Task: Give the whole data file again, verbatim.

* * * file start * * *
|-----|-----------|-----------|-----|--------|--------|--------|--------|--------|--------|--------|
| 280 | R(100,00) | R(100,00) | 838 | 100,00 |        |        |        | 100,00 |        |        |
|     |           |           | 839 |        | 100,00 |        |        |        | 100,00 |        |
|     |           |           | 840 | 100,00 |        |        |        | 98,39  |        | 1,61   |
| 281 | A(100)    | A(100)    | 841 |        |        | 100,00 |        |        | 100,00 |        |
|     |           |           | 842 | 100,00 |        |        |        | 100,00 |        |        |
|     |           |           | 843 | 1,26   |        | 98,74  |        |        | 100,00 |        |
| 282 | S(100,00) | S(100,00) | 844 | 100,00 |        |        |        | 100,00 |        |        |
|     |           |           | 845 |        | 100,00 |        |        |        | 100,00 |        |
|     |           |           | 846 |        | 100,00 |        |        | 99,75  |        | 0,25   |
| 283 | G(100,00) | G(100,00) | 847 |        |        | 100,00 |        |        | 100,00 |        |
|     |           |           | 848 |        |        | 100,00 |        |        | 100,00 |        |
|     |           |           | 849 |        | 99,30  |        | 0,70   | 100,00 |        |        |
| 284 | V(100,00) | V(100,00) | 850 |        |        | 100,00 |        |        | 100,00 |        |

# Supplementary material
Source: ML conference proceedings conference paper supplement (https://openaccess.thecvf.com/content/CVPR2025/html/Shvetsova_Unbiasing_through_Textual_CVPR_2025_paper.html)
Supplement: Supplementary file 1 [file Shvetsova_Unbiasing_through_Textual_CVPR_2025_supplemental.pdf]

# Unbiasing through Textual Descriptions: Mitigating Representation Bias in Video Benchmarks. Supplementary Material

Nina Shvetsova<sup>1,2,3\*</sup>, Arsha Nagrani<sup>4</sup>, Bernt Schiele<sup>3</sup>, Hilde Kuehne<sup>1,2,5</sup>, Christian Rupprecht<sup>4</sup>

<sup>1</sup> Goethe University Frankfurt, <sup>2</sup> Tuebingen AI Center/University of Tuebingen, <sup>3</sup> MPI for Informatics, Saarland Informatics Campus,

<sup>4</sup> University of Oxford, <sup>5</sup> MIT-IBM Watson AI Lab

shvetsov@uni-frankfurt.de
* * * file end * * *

|-----|-----------|-----------|-----|--------|--------|--------|--------|--------|--------|--------|
| 280 | R(100,00) | R(100,00) | 838 | 100,00 |        |        |        | 100,00 |        |        |
|     |           |           | 839 |        | 100,00 |        |        |        | 100,00 |        |
|     |           |           | 840 | 100,00 |        |        |        | 98,39  |        | 1,61   |
| 281 | A(100)    | A(100)    | 841 |        |        | 100,00 |        |        | 100,00 |        |
|     |           |           | 842 | 100,00 |        |        |        | 100,00 |        |        |
|     |           |           | 843 | 1,26   |        | 98,74  |        |        | 100,00 |        |
| 282 | S(100,00) | S(100,00) | 844 | 100,00 |        |        |        | 100,00 |        |        |
|     |           |           | 845 |        | 100,00 |        |        |        | 100,00 |        |
|     |           |           | 846 |        | 100,00 |        |        | 99,75  |        | 0,25   |
| 283 | G(100,00) | G(100,00) | 847 |        |        | 100,00 |        |        | 100,00 |        |
|     |           |           | 848 |        |        | 100,00 |        |        | 100,00 |        |
|     |           |           | 849 |        | 99,30  |        | 0,70   | 100,00 |        |        |
| 284 | V(100,00) | V(100,00) | 850 |        |        | 100,00 |        |        | 100,00 |        |

# Supplementary material
Source: ML conference proceedings conference paper supplement (https://openaccess.thecvf.com/content/CVPR2025/html/Shvetsova_Unbiasing_through_Textual_CVPR_2025_paper.html)
Supplement: Supplementary file 1 [file Shvetsova_Unbiasing_through_Textual_CVPR_2025_supplemental.pdf]

# Unbiasing through Textual Descriptions: Mitigating Representation Bias in Video Benchmarks. Supplementary Material

Nina Shvetsova<sup>1,2,3\*</sup>, Arsha Nagrani<sup>4</sup>, Bernt Schiele<sup>3</sup>, Hilde Kuehne<sup>1,2,5</sup>, Christian Rupprecht<sup>4</sup>

<sup>1</sup> Goethe University Frankfurt, <sup>2</sup> Tuebingen AI Center/University of Tuebingen, <sup>3</sup> MPI for Informatics, Saarland Informatics Campus,

<sup>4</sup> University of Oxford, <sup>5</sup> MIT-IBM Watson AI Lab

shvetsov@uni-frankfurt.de